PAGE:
Uttar Pradesh: Dudhwa National Park and Tiger Reserve


Dudhwa National Park and Tiger Reserve:
In 1958, 62 sq kilometers of forests lands were declaired Sonaripur wildlife sanctuary. In 1965 the area was further increased to 212 sq kms. It was then christened as Dudhwa. In 1977, it was declaired a national park, and the area was further increased to 614 sq. km. The core area is 490 sq km, and the buffer area is 128 sq km. In 1988, it was merged with Kishanpur sactuary, and Dudhwa became a tiger reserve, and is one of the 28 parks of Tiger project. In 1997, according to tiger census, Dudhwa had 129 tigers, a figure that was possibly grossly inflated. Today, it faces the safe fate as of Sariksha, with possibly no tigers.

There are hardly any reports of poaching, but the park is susceptible to heavy poaching. This is because:
The forest officers are distributed far and wide, with too few on the job.
Some people are permitted to use the roads and railway lines that go through the park. If they choose to poach, there is little the forest guards can do.
Three sides of the forests are agricultural lands, and the Govt. have be generous is granting arms license in the name of protection of crops. Whenever animals stray into these farmlands, the farmers can easily kill them and consume them, and it would not come to the notice of the guards, as they are  inside the park.
The entire northen boundary of the park is the international boundary of Nepal, which does not help the cause.
A clear cut indicator is the decline in population of the swamp deer. Hog deer, spotted deer and wild boars population have also heavily reduced. There are no tiger sightings as well.

Dudhwa happened due to the herculean efforts of  Billy Arjun Singh. But the Govt. did not do enough to make the park viable. It is classic case of Man's interest versus nature. The swamp lands, which were the life blood of the park, has been converted into farmlands. This has also resulted in increased floods.
Building of a dam has further deteriorated the living areas of the forests, due to inundation.
To quote Mr. S.Deb Roy : "The area of Dudhwa National Park is ecologically not viable. This National Park has become an island, on which very severe pressure are being extrated by the ever increasing human population in this area, which has resulted into a sad decline of the indicator species like swamp deer as also the tiger. The natural productivity and hence the carrying capacity is probably on the decline, caused by the abuse. No management authority may be able to save the situation, particularly on the face of the terrorist infestation, that has recently taken over, unless there is a strong political will to back it up."
Billy Arjun Singh, Former Member Steering Committee of Project Tiger states, "The forest department has publicly stated that there are 104 tigers in the Park, when there are probably not more than 20. In addition the Park authorities have allowed the construction of a barrage on the boundary river, which has drowned out a large segment of these deer population, and water logged and degraded their habitat. There is just not enough prey to sustain 104 tigers."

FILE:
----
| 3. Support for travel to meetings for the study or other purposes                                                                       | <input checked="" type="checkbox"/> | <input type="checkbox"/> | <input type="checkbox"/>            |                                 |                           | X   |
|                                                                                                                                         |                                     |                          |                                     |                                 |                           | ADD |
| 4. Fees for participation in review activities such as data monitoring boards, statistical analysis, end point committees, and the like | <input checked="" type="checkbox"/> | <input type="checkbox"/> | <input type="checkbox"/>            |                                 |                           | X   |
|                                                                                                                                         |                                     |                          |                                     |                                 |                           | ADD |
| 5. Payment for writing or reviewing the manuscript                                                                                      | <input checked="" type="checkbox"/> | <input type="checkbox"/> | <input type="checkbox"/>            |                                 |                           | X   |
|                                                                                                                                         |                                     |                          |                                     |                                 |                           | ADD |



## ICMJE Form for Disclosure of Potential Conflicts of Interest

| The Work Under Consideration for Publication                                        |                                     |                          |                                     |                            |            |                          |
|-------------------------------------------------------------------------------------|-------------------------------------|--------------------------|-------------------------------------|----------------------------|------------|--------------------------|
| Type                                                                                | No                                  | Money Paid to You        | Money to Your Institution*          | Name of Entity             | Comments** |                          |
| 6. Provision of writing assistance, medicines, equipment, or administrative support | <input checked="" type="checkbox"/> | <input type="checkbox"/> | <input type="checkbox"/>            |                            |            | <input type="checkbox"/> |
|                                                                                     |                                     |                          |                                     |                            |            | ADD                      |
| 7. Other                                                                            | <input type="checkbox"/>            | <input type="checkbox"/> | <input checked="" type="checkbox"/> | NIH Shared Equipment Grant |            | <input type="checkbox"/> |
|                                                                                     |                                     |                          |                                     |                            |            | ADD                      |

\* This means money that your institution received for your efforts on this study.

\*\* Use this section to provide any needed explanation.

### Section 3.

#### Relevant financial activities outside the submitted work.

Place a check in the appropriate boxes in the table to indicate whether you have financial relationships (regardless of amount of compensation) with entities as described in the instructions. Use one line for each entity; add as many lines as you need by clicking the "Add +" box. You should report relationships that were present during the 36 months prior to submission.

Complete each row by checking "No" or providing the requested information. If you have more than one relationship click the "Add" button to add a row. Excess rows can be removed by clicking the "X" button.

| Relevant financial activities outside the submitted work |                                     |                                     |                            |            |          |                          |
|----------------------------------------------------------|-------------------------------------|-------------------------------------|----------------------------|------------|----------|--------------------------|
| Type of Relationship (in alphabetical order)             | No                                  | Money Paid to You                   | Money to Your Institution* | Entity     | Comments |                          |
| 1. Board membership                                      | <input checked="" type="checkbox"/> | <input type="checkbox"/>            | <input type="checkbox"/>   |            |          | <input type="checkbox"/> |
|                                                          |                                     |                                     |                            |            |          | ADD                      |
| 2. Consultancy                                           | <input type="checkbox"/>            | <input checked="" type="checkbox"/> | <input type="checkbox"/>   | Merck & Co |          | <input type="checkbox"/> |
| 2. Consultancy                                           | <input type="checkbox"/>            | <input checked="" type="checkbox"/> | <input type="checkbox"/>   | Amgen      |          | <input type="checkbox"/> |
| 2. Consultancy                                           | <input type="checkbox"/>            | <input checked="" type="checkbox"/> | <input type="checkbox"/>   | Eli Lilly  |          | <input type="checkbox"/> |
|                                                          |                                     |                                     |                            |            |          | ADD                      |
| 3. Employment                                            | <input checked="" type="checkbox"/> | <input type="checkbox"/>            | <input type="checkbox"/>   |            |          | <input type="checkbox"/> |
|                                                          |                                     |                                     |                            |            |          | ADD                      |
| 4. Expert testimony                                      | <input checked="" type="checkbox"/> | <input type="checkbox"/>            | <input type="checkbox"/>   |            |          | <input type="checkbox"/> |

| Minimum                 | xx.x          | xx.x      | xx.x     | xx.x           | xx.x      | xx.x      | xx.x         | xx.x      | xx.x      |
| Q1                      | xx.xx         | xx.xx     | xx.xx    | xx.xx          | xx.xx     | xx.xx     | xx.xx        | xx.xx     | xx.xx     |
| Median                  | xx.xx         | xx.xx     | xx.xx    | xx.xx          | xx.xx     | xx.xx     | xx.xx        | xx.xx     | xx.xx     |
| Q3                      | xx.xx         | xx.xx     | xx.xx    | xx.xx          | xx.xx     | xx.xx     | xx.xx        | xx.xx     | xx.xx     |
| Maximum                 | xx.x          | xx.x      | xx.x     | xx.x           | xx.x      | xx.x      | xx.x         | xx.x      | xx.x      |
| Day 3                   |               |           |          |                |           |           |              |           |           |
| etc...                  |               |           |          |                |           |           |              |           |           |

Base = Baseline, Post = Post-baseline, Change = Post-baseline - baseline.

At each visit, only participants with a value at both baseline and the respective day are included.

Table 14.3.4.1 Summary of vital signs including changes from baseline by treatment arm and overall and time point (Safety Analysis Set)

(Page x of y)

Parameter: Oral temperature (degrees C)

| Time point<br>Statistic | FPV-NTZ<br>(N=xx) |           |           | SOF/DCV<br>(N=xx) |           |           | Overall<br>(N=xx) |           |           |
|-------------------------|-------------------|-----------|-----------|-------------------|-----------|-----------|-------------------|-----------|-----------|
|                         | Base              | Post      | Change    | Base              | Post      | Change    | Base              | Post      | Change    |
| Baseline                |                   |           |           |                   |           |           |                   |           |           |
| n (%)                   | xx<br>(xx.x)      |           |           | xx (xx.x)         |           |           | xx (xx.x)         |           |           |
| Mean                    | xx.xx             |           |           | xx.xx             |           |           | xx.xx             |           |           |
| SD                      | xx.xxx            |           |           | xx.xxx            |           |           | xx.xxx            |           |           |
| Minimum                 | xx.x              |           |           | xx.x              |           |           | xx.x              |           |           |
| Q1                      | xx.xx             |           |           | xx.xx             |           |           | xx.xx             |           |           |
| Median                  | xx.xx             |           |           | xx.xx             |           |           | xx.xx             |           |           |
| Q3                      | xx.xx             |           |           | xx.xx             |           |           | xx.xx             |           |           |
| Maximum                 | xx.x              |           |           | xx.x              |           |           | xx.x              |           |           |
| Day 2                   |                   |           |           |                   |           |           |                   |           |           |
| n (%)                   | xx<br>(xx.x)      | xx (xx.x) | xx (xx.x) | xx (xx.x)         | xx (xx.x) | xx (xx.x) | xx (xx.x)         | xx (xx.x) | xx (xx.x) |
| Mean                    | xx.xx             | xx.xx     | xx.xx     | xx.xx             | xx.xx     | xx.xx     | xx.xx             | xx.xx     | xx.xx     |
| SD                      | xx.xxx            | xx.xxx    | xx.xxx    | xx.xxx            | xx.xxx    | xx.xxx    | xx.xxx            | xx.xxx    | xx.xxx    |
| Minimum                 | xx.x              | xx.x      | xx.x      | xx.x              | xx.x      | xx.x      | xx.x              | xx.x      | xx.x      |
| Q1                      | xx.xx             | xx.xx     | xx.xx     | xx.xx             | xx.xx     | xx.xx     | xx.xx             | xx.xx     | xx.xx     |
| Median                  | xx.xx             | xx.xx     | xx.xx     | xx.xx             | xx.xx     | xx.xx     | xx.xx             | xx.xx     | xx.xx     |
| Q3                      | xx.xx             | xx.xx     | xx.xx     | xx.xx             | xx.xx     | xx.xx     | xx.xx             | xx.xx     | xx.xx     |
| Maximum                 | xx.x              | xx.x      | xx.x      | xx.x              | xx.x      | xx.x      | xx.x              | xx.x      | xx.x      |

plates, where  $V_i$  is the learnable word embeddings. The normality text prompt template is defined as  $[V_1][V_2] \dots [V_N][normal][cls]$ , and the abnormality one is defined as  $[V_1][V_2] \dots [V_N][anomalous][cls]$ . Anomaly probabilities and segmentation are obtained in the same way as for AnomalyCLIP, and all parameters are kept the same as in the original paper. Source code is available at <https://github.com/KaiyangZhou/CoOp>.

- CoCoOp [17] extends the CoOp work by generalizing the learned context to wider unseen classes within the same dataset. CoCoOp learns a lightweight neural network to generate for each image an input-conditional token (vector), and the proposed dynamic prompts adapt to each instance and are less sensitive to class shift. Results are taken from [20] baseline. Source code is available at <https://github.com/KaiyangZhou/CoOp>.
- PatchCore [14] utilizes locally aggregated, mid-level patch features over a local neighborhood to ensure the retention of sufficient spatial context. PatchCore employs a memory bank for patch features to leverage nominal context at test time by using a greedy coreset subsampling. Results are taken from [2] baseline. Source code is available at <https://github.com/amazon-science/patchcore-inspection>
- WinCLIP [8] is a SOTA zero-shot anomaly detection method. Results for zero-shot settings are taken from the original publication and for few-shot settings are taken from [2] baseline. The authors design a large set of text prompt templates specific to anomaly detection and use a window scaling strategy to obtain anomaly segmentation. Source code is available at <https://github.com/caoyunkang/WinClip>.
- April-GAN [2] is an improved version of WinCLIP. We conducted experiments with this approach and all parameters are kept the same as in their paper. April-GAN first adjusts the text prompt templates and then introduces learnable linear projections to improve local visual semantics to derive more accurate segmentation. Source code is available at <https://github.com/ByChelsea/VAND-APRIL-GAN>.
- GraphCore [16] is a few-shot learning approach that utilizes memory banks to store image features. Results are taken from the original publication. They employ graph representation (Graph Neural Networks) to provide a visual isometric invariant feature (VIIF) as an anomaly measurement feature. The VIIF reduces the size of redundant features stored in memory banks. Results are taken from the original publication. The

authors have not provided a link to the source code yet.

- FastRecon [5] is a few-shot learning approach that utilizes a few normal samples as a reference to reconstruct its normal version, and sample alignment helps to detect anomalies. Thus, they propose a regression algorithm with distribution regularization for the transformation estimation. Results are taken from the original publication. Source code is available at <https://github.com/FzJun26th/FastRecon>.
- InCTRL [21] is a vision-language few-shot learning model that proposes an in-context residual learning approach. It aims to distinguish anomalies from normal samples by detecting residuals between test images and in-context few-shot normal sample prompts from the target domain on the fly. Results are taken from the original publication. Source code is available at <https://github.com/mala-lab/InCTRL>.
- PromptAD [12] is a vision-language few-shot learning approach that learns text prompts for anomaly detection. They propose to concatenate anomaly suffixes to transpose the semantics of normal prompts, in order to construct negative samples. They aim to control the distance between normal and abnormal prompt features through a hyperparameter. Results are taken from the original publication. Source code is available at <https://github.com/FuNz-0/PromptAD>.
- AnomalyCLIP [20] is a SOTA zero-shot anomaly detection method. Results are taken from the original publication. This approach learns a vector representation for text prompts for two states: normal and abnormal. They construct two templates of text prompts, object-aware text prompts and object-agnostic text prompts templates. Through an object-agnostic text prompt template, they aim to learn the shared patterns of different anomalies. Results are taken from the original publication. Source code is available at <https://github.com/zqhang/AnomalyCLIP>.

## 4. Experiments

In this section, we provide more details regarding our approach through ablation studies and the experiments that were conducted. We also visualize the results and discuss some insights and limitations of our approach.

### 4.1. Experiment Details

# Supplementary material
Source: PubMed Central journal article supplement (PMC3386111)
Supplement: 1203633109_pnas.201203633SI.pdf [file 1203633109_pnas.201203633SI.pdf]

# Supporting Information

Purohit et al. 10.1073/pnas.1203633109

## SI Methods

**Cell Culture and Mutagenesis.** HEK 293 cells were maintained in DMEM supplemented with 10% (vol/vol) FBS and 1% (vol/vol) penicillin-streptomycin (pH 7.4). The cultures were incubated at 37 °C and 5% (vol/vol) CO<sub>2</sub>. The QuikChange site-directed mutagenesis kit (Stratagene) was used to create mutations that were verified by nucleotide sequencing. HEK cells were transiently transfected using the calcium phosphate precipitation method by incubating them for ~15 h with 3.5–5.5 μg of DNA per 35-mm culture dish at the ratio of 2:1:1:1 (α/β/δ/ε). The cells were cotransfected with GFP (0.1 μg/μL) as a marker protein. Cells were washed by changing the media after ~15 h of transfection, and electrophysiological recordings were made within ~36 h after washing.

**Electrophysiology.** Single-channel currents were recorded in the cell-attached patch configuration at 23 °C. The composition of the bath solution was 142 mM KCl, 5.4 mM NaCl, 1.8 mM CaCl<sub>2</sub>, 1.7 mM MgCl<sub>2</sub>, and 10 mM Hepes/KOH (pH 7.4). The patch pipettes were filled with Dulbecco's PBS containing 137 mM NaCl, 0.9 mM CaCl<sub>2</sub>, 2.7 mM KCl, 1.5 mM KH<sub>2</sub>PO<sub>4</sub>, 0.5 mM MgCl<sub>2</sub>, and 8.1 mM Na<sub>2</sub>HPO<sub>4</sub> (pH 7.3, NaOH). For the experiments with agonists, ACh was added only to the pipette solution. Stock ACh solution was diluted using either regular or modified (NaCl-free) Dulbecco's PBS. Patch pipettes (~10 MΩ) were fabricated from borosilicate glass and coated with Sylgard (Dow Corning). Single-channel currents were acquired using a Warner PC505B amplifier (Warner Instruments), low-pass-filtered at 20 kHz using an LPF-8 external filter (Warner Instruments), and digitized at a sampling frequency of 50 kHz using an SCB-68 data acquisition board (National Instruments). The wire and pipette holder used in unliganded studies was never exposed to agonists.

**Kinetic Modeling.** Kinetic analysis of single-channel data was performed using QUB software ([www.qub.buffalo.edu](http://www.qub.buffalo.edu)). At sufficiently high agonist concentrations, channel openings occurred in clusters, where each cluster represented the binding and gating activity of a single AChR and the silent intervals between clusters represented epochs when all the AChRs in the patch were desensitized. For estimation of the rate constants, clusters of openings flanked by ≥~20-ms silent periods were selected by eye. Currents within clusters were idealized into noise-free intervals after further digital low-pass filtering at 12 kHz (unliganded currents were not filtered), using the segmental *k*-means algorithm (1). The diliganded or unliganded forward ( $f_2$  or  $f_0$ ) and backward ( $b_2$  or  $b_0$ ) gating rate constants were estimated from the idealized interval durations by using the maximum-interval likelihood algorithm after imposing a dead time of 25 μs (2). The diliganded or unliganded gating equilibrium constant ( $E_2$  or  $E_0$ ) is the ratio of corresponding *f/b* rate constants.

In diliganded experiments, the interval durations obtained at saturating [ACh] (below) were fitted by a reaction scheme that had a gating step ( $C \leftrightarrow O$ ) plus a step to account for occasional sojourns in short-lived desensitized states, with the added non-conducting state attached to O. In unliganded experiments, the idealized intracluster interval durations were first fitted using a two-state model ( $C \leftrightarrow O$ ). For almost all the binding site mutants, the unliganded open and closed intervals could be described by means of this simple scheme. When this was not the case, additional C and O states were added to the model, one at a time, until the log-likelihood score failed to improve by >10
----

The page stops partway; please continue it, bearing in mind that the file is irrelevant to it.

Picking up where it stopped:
"In addition the activity of poachers, and the presence of terrorists will soon put an end to the Park, which has an entry in my Visitors Book in 1980 by Brijendra Singh. "Sighted nine tiger, and a elephant herd and a mighty tusker in one week"."
It is quite possible that Dudhwa National Park does not have any more tigers now.
Man eating, tiger killing, poaching, encroachment, railway tracks and roads, are serious problems that Dudhwa faces in its survival, and unless there is a strong political will, the park is heading to its end.
About Dudhwa National Park:

It is in the foothills of Himalayas, in the Tarai region. The forests are plush with Sal, Teak, Bahera, Sesham, Khair and Eucalyptus making for the dense forests. The height is distributed between 150 meters to 183 meters. There are many mountain streams cutting through the forests. Lakes and ponds abound. The Mohana river in the north and the Suheli river in the south have created natural boundaries. The Kali river of Nepal also flows into it. It is called Sarada river here.
Rhinos have been introduced in this Jungle. The other inhabitants are swamp deer or gonda, leopards, barasinga deer, sambar deer, chital deer, hog deer, barking deer, sloth bear, nilgai, wild boar, black bucks, elephants, otters, crocodiles, different types of snakes and birds. Migratory birds also visit the park in winters. The different lakes provides them good refuge.

There is no safari arranged by the park authorities. However, you can rent minibuses and jeeps in share to tour the park. Elephants can also be hired for four hours. December to March are the best times to visit, though the park is open from 15th November to 15th June.
You can also visit the Krishnapur Sanctuary, about 30 kilometers from Dudhwa.

How to reach:
Mailani  falls on the North East Railways. Trains connect it from Lucknow, Berili, Agra etc. Refer to our transport links for more information. Dudhwa is 42 kilometers from Mailani and is also connected by meter gauge railway line from there. You can also reach Dudhwa from Shahjahanpur via Palia.
There are dearth of cars at Dudhwa. Cars are available from Palia.
It is also connected by buses from Lucknow (238 kms), Bereily (260kms), Delhi (420 Kms) to Palia, which is 5 kms from Dudhwa. Nearest Airport in Lucknow.
You can also hire a car from any of the above-mentioned places and reach Dudhwa directly.
Refer to our transport booking links below for options.

Where to Stay:
There are options to stay at Sathiana and Dudhwa. But choose to stay at Dudhwa only. Refer to our hotel booking links below to make your selection and to book online.

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